Bosut culture

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Map of the territorial extent of the Bosut culture

Bosut culture (Serbian: Bosutska kultura / Босутска култура or Bosutska grupa / Босутска група) is a name of an prehistoric Iron Age culture, which was named after Gradina on Bosut archaeological site in Serbia. It is sometimes grouped with related Basarabi culture into Bosut-Basarabi complex. There are different views about ethnic identity of the people of Bosut culture; according to one view, they were Triballi,[1] while according to another view, they were Daco-Getaes.[2] The culture flourished in the first half of the 1st millennium BC, until the arrival of the Scythian tribes.[3]

Characteristics[edit]

The Bosut culture is dated into early Iron Age and it is generally divided into three development stages:[4] 1. Kalakača-Bosut, 2. Basarabi, and 3. Bosut III.[5] The area of this culture included territory of present-day Vojvodina and northern part of present-day Central Serbia.[6]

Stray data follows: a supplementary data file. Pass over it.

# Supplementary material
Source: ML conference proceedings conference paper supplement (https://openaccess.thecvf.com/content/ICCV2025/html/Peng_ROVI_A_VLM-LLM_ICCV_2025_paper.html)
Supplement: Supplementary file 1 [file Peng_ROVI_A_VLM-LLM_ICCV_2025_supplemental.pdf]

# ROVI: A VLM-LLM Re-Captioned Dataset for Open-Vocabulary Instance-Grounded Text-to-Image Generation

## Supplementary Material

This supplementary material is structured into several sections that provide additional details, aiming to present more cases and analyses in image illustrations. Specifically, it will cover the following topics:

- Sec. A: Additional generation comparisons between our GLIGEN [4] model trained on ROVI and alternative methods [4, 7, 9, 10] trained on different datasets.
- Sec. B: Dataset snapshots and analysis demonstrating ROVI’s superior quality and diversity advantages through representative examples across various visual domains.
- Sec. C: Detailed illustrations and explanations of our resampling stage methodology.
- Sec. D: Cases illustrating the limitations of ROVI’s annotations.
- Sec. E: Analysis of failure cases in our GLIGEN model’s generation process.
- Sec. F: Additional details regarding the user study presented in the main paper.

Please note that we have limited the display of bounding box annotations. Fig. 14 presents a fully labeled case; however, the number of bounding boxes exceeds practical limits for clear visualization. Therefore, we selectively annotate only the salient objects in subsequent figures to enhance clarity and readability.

Earliest settlements of the Bosut culture originated from the late Bronze Age Belegiš culture.[7] Large fortified settlements were built on the sites of former settlements that were situated on a higher ground near rivers, on a slopes of Fruška Gora and Vršac Mountains, or on the edge of the Titel Hill. Large settlements were mutually interconnected into a chain of common defense. Smaller settlements and farms were located around larger ones. Houses in the fortified settlements were located close one to another and narrow passes existed between them. Defensive trenches were located around settlement walls.

Main occupation of inhabitants of Bosut culture was agriculture and animal husbandry. Agricultural tools were similar to ones from the Bronze Age. Main market excesses were made from wheat, meat, and animal skin. These products were sold to Greek traders, who in turn brought luxury goods from south-east Europe, that were purchased by local aristocracy. The silver jewelry was especially appreciated.

Two mass graves discovered at Gomolava locality are indicating that inhabitants of the Bosut culture practiced human sacrifice.

Localities[edit]

Localities of the Bosut culture are:[8]

References[edit]

Further reading[edit]

  • Dr Predrag Medović, Praistorija na tlu Vojvodine, Novi Sad, 2001.
  • Dragoslav Srejović, Iliri i Tračani, Beograd, 2002.

External links[edit]